One of the biggest questions for the Bengals coming into the offseason is the kicking situation. Randy Bullock, who took over from a struggling Mike Nugent in 2016, was re-signed a few weeks ago but Marvin Lewis said he wants to hold an open competition for the job. Darrin Simmons, the Bengals’ special teams coordinator, also said he favors veterans over rookies because of their experience, so it’d be hard to envision somebody coming out of college and getting the job. But the team also has 11 draft choices in the spring and could use one on a kicker.
Is Simmons right to be wary of rookie kickers? Since he arrived in Cincinnati in 2003 the team has only employed two on the 53-man roster, both in 2010: Aaron Pettrey out of Ohio State (2 games played) and Clint Stitser of Fresno State (5 games played), when Nugent went down with a season-ending injury. Pettrey only attempted four field goals and missed two, including one from less than 30 yards out. Stitser fared a bit better, connecting on seven of his eight tries, but missing two extra point attempts. When Nugent got injured again in 2012 the team went with a veteran in Josh Brown, as they did last season when Nugent’s struggles proved to be just too much for the Bengals to handle.
The last kicker the Bengals drafted was Travis Dorsch in the fourth round in 2002, just two years after selecting Neil Rackers in the sixth round. Dorsch only played one game for Cincy and didn’t attempt a field goal, but Rackers was ineffective for three seasons before moving onto Arizona, where he became a much successful kicker and was named first team All-Pro and the Pro Bowl in 2005.
Overall, 27 kickers have been drafted into the NFL since Simmons arrived in Cincinnati in 2003, including Bullock in the fifth-round in 2012 by Houston. Most were day three picks, but some, like Roberto Aguayo in 2016, have actually gone as early as the second round. Nugent was also a second-round pick by the Jets in 2005.
According to Pro-FootballReference.com up to 52 rookie kickers have attempted at least one field goal in the regular season since 2003, including Bullock in his second year in Houston, as he was injured for his entire first year with the Texans. The best year for rookie kickers year was 2015, as eight of them made their debuts, while in 2006 only Stephen Gostkowski tried one field goal as a rookie. The success of rookie kickers early on typically isn’t great, but overall, rookie kickers have improved up until 2016, when Aguayo helped sink the numbers due to a rough start to the year.
NFL kickers in their rookie year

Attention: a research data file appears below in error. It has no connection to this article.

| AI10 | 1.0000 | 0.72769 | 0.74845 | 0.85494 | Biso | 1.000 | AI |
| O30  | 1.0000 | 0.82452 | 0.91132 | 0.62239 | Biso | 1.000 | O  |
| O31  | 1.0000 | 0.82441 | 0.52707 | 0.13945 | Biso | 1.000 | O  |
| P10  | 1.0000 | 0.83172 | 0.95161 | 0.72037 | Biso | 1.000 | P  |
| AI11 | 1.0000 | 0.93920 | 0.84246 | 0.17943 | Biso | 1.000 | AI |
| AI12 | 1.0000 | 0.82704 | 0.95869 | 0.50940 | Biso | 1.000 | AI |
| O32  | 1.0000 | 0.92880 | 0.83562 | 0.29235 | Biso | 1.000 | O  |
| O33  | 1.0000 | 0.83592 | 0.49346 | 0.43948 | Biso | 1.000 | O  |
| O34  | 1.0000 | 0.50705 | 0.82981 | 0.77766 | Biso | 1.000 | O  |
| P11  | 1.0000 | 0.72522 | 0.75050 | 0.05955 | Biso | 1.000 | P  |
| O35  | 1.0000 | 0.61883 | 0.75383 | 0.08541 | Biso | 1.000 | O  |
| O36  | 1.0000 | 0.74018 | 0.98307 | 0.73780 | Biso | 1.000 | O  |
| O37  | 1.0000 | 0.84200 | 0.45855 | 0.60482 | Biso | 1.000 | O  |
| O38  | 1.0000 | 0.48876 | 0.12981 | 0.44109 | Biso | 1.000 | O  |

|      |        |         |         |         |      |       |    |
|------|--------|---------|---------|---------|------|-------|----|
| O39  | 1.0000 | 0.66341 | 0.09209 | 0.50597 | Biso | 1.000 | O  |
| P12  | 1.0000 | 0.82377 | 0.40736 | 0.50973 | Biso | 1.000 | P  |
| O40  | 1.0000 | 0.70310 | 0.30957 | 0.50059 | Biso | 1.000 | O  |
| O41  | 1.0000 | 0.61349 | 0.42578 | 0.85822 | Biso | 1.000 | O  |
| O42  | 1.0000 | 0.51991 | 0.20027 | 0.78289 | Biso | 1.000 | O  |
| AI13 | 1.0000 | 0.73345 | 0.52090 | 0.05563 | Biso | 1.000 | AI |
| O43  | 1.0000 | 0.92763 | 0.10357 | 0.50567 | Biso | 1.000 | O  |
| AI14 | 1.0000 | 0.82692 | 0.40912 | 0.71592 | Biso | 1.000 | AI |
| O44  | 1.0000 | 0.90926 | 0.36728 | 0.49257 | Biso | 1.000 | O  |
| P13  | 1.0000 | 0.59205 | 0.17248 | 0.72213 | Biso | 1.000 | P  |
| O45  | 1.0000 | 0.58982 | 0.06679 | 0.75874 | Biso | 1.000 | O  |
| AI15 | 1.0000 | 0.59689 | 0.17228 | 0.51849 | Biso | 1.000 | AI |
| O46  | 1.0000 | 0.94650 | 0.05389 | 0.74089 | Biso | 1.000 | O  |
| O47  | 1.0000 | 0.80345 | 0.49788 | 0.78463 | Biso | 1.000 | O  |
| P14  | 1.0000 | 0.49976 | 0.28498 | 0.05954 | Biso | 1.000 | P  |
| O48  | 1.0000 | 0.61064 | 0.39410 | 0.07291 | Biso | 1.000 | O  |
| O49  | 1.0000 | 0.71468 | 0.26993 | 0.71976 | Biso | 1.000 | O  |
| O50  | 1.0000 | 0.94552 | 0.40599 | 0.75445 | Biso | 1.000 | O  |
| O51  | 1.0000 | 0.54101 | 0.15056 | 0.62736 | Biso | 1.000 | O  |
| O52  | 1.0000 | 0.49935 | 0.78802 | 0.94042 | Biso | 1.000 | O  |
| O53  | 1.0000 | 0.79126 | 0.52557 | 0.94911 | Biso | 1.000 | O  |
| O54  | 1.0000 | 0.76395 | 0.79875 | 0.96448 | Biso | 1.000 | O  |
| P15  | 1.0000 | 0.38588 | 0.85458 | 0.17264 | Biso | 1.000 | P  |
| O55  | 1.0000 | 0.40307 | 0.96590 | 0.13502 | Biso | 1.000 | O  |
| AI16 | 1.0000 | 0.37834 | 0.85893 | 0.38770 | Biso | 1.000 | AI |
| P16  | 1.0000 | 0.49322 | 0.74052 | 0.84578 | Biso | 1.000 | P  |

In terms of success, 2011 and 2012 were outstanding, with effectiveness of 86.15% and 87.5% respectively. In those years guys like Dan Bailey and Justin Tucker entered the league. Since 2008, only in 2010 - when the pair of Bengals kickers were the league’s only rookie kickers, 2013 and this past year, the rookie field goal percentage has been less than 80 percent. There have been a few rookies who converted more than 90 percent of their tries, like Chris Boswell in 2015, Blair Walsh, Kai Forbath and Tucker in 2012 and Garrett Hartley in 2008. I’ve included every single attempt made by rookies, but the numbers could look much more polished if we account only for the regulars and not short-term injury replacements.
Before 2008, rookies were regularly achieving less than 80 percent of their field goals, but the young guys starting improving after players like Dan Carpenter, Ryan Succop and Garrett Hartley arrived in the league. Nowadays, it is strange for a rookie placekicker not to make at least 80 percent of their field goals. 24 NFL kickers better than that mark last year. Only Aguayo, Bullock and Caleb Sturgis failed to make that mark as rookies in recent years, and Brandon McManus converted 9 of his 13 attempts in 2014, but he had limited opportunities once the Broncos signed Connor Barth and was moved to a kickoff specialist role.
With the extra point moved further back and more and more teams attempting longer field goals, kickers have become increasingly tougher. The Bengals might be satisfied addressing their issues at the position with a recycled veteran, just like they did when they first signed Nugent, Brown and Bullock. But, the numbers don’t show that rookie kickers are worse than veterans.
The Bengals have 11 picks in the upcoming draft and one could go to a specialist. When drafting a kicker, there is no guarantee of success, but an already-circulated veteran also can’t guarantee results.
Maybe Simmons is still thinking of Pettrey and that’s why he doesn’t trust rookies, but there is no clear evidence that rookies fold under pressure more than other NFL kickers. It’s hard to quantify the mental factor at the position, one of the most mentally taxing positions in the sport, but the numbers say when a kicker is talented, as Tucker, Bailey and many others are, professional experience is not a must to be successful in the NFL.
You need experience to gain experience, so let’s hope the Bengals are true to what they’ve expressed and make the kicker job an open competition where the best player wins the job in 2017. And, that competition should include a high-potential rookie from this year’s pool of prospects.